Should you turn your video cam on in online training?

The pandemic has turned everything into a video call — but could we be making smarter decisions about when to turn on the camera?

Adam Tinworth
Adam Tinworth

Like many people who deliver training, I've been doing so exclusively online for the past six months, and it's likely to be that way until next spring at the very earliest. That includes my lecuring at City's journalism department, which is all being delivered online this term, raising the rather sad prospect that I might never meet some of this year's Interhacktives in person.

Given that, I read this piece on making the most of your journalism course in these conditions with interest. There is one section that I disagreed with slightly:

Put your camera on

During face-to-face lectures, obviously no one is worried about showing their face but there is something about staring at a webcam that makes students want to run a mile. But putting your camera on means that the lecturer will be able to see that you are concentrating, which makes you more likely to get involved in discussions and avoid distractions.

For me, at least, it's not just about concentration. If I can see your face, I can see if you're puzzled, and so I can explain something more clearly. I can see if you're getting tired, which means I can change the tone of the teaching, or switch to a small group exercise. I can see if you're getting distracted, and change things up to draw you back in.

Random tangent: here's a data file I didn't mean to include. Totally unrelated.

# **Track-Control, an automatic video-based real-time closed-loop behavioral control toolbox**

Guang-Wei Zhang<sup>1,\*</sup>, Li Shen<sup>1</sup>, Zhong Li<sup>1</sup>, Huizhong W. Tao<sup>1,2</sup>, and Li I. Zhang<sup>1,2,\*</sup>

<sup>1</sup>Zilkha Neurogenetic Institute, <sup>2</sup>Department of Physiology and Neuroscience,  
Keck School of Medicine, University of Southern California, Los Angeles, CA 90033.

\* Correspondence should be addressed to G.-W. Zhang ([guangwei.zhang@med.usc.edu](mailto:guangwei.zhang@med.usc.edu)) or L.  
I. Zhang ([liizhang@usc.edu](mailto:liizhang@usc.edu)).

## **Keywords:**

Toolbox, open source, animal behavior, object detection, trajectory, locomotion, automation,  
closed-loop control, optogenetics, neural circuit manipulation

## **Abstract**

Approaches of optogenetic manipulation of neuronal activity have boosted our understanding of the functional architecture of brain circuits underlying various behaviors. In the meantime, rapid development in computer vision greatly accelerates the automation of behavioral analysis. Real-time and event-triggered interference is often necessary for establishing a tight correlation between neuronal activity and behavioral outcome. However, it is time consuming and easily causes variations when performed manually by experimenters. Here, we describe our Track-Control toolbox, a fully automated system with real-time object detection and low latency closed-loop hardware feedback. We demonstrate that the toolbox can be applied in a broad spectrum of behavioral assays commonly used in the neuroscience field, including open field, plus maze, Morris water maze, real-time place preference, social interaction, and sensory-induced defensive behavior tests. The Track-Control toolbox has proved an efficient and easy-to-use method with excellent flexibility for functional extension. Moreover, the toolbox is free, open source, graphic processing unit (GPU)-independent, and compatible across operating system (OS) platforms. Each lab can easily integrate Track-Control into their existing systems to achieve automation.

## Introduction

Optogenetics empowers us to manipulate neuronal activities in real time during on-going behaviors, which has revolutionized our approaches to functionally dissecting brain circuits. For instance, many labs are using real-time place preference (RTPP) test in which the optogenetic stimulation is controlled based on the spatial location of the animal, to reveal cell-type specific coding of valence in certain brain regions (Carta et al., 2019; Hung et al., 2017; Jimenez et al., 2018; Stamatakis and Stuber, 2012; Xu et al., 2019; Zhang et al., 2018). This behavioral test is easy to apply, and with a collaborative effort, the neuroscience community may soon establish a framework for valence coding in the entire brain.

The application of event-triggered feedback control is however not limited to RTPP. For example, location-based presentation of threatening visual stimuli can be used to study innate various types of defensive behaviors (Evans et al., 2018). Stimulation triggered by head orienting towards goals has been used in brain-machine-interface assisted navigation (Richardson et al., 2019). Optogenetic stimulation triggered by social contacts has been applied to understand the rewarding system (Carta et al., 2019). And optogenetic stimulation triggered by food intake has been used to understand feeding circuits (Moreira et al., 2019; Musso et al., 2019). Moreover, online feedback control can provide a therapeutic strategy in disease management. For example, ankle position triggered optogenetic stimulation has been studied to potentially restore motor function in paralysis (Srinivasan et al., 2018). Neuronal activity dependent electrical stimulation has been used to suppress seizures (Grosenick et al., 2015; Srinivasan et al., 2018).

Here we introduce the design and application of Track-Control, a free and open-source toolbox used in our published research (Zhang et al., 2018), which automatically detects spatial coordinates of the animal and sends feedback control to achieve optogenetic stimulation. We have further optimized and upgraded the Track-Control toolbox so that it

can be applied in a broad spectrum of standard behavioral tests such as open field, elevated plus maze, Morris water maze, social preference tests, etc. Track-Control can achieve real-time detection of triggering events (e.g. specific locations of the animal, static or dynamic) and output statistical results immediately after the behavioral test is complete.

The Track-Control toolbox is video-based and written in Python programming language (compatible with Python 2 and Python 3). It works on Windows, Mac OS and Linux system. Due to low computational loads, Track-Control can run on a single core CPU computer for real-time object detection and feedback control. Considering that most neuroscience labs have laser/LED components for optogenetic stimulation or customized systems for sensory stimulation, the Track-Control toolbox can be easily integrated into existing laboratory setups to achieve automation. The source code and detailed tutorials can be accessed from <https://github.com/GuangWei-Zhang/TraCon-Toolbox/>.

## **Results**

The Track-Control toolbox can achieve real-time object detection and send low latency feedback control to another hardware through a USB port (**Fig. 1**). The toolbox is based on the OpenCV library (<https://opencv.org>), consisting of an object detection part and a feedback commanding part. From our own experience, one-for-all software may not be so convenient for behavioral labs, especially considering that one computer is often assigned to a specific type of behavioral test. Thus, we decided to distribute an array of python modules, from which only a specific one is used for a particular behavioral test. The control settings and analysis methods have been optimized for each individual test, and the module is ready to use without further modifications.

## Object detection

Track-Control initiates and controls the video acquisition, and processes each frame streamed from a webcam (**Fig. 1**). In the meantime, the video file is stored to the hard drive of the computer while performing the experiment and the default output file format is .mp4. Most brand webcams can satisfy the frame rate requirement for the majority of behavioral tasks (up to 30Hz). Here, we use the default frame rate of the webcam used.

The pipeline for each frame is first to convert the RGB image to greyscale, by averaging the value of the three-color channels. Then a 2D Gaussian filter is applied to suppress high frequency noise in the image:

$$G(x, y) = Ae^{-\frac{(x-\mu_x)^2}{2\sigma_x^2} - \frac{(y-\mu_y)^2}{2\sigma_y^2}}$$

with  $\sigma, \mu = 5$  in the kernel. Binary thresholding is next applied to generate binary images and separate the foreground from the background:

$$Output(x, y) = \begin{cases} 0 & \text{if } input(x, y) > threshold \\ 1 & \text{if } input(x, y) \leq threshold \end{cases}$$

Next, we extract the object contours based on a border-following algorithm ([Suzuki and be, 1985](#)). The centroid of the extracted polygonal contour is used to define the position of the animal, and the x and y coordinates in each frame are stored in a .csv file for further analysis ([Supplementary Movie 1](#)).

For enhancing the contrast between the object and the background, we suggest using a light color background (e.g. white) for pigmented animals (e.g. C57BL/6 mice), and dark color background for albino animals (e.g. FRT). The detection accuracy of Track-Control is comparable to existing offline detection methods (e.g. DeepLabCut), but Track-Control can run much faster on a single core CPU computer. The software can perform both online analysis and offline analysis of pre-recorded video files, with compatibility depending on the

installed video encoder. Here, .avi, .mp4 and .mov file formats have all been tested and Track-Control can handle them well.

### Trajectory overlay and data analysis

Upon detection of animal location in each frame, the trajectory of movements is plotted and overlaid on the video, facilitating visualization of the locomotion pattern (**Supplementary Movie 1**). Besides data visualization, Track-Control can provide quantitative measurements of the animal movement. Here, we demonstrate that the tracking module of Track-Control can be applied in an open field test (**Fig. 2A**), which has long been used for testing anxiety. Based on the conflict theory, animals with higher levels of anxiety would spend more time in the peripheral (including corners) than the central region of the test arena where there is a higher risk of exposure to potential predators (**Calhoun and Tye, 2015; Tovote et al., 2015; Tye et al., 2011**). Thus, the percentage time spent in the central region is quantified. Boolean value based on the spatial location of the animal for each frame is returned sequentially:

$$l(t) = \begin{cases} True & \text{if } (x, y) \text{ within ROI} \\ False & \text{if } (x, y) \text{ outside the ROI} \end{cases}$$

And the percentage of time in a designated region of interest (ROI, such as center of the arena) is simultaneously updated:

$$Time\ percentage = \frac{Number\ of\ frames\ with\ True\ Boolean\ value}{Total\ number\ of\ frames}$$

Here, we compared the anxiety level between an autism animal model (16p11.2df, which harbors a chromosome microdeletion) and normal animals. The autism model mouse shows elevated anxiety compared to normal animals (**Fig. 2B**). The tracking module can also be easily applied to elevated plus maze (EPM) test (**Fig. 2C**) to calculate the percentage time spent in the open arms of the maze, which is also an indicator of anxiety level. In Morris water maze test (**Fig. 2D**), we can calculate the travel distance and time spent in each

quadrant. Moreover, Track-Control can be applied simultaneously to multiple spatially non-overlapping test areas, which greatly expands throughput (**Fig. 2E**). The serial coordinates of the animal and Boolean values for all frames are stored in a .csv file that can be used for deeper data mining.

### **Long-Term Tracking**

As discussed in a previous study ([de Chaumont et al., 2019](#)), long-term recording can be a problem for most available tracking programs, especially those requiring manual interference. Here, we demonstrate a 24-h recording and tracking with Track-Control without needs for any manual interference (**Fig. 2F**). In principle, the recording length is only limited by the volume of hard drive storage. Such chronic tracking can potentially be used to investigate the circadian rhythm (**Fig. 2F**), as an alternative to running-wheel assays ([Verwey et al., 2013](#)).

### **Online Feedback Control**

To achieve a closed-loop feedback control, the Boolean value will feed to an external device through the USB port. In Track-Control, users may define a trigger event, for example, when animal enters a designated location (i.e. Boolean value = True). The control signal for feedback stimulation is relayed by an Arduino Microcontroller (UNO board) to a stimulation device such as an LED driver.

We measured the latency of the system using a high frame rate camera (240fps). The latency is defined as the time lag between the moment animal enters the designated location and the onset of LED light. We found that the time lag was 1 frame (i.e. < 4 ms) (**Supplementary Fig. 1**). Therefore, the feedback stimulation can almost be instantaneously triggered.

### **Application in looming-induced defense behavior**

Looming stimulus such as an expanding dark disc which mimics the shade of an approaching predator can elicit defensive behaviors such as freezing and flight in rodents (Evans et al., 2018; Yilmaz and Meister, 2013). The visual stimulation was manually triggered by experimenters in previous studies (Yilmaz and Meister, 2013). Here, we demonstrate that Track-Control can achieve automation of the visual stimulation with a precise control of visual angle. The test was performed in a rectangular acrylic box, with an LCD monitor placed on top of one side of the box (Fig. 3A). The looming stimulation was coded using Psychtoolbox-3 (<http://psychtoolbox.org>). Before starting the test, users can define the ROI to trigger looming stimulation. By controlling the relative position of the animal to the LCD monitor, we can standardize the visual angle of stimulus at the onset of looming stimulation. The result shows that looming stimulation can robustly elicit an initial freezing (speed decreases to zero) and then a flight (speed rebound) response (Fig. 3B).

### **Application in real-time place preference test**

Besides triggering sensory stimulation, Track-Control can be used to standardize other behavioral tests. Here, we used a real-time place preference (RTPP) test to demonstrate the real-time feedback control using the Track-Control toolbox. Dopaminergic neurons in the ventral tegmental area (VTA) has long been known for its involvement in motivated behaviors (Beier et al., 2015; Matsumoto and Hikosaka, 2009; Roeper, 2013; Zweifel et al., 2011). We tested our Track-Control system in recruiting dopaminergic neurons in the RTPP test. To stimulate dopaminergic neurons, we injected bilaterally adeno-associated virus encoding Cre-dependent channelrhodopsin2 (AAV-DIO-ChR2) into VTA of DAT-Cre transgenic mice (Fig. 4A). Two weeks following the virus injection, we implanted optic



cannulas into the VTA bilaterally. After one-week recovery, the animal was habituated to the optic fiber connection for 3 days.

The feedback between tutor and tutee is vital to great training, of any kind. If you break that on the tutee end, you might as well just attend a webinar passively.  

I never insist people have the cameras on, but I do value it when they do. I think it makes the experience better for everyone.

Training is not the same as a meeting

That said, I do think part of the problem is that the pandemic has turned everything into a video call, when often a good, old fashioned audio call would do just as well.

As Holly Brockwell pointed out a few weeks ago, jumping routinely to video meetings puts an unfair burden on women in particular:

And yes, “Zoom fatigue” is a real phenomenon (I speak as someone who spent seven hours in Zoom yesterday). Let's use video calling when it adds vaue, and avoid it when it doesn't.

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Adam is a lecturer, trainer and writer. He's been a blogger for over 20 years, and a journalist for more than 30. He lectures on audience strategy and engagement at City, University of London.